After a Knee Replacement
an application of the Feldenkrais Method®


by Scott Clark (Feldenkrais Practitioner)


The door opened to the familiar face of Mrs A. She practically fell into the chair, exclaiming “The leg’s doing really well, but ohh! my back!” She rubbed the small of her back vigourously, grimacing all the while.
Mrs A is a very active woman in her late seventies; she runs a thriving family business. I have been seeing her once or twice a month for a couple of years, initially for help with her ‘frozen’ shoulder, but latterly for the combination of a tricky back and two deeply arthritic knees. Our work together helped relieve some of the pain she felt in activities like standing and walking, and probably helped postpone more drastic intervention, but recently the arthritis was getting the better of her, and she decided to have knee replacement surgery. This surgery is one of the miracles of modern medicine. Mrs A found, as many people do, that even the day after the operation, in the midst of considerable pain arising from the surgery itself, it was clear that the pain specific to the arthritis had vanished.
But standing or walking aren’t actions for which we only use our legs, and their knees; when we stand, it’s our whole self that stands. In standing, the weight of all the parts of our self must balance over our relatively tiny feet. Just like an accountant balancing the books, nothing can be left out, we can’t claim that the books balance ‘except for’ this or that part. Standing, then, is a conspiracy of the whole body, in which all the parts co-operate to aim the total weight through the legs, through the feet, into the floor. If one part changes, other parts must accommodate. So for Mrs A, the new situation in her leg also made quite new demands on her back — demands that, in her case, were not easy to meet. So this was now her request of me: how could she best continue her recovery from the operation, but also make use of the opportunity afforded by her ‘bionic’ knee?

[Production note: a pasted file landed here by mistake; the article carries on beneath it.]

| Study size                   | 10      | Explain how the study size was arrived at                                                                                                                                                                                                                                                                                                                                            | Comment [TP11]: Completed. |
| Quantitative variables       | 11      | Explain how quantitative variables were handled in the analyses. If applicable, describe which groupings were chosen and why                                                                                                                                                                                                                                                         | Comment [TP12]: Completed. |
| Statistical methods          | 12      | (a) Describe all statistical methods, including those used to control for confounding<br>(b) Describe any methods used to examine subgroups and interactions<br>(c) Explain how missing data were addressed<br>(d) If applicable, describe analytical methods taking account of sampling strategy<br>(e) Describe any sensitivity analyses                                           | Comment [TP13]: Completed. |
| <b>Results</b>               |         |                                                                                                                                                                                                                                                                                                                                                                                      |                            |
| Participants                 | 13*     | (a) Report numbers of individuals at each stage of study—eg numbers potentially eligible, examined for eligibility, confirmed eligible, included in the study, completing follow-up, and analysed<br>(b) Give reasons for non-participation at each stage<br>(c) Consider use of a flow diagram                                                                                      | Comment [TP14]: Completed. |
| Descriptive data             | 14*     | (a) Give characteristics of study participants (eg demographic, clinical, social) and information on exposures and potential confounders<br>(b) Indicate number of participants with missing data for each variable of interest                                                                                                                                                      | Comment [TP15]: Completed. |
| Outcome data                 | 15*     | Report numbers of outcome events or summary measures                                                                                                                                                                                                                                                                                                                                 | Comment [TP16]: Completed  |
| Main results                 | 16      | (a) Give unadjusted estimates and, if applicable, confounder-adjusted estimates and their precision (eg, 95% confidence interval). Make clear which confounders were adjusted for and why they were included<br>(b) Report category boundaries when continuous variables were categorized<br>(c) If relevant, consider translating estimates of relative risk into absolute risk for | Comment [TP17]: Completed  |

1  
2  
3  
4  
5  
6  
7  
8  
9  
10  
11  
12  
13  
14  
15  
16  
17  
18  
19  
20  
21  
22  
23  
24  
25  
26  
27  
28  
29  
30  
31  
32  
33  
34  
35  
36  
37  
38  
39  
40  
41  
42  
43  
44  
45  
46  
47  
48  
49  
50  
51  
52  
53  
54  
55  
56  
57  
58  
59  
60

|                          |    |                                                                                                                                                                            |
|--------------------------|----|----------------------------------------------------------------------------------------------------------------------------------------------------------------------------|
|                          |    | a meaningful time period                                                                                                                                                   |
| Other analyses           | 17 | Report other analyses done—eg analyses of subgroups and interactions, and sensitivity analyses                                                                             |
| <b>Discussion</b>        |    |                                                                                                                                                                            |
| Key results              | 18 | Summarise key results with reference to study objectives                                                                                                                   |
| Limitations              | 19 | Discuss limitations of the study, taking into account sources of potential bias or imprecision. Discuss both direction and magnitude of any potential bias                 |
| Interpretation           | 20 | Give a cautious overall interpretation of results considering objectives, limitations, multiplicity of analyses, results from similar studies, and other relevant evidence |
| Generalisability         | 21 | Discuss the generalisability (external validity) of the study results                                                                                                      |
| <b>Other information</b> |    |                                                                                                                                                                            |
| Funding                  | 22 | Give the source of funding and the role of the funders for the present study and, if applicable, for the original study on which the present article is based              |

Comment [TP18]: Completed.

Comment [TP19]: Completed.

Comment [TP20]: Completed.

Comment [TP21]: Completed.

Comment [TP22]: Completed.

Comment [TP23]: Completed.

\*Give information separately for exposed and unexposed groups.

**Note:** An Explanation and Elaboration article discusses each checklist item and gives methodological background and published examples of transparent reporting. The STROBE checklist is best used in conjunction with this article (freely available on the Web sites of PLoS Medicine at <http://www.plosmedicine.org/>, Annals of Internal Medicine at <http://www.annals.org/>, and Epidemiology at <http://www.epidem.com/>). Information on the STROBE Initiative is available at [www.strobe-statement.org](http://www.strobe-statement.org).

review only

Her first words had told me what she felt was ‘wrong’ and where it was; my next job was to translate from “What’s wrong?” to “What’s happening?” I asked her to sit forward on the chair, and I began to explore her back, touching it with my hands. She was arching strongly at the place she had been rubbing, and I could feel the work of the tensed muscles. I asked her to roll her pelvis so that the back of her waist moved backwards, to look downwards, to let her whole back round. Then I asked her to come back to her normal sitting posture, and to repeat this rounding and straightening a few times. As she did, I could feel that these same strongly-tensed muscles never really let go into the rounding, and were the first to act as she returned to normal sitting.
What should these, or any, muscles be doing? You could consider the heart as the paradigmatic muscle; it rhythmically alternates between contraction and release in order to pump our blood. If it doesn’t contract or doesn’t release — either way, we have a problem! This rhythm of the heart is wonderfully regular; other muscles have a less predictable rhythm, yet the principle is the same, contraction and release each have their time. For the whole back to round, all the muscles behind the spine are asked to release; for the whole back to arch, those same muscles are asked to contract. Exactly in the place that Mrs A was experiencing her pain, the constantly tight muscles were no longer part of the rhythm of the whole. While that may sound like merely poetic imagery, the results were very practical: whenever she moved her back, the muscles in front had a fight with the muscles in back, and that fight hurt.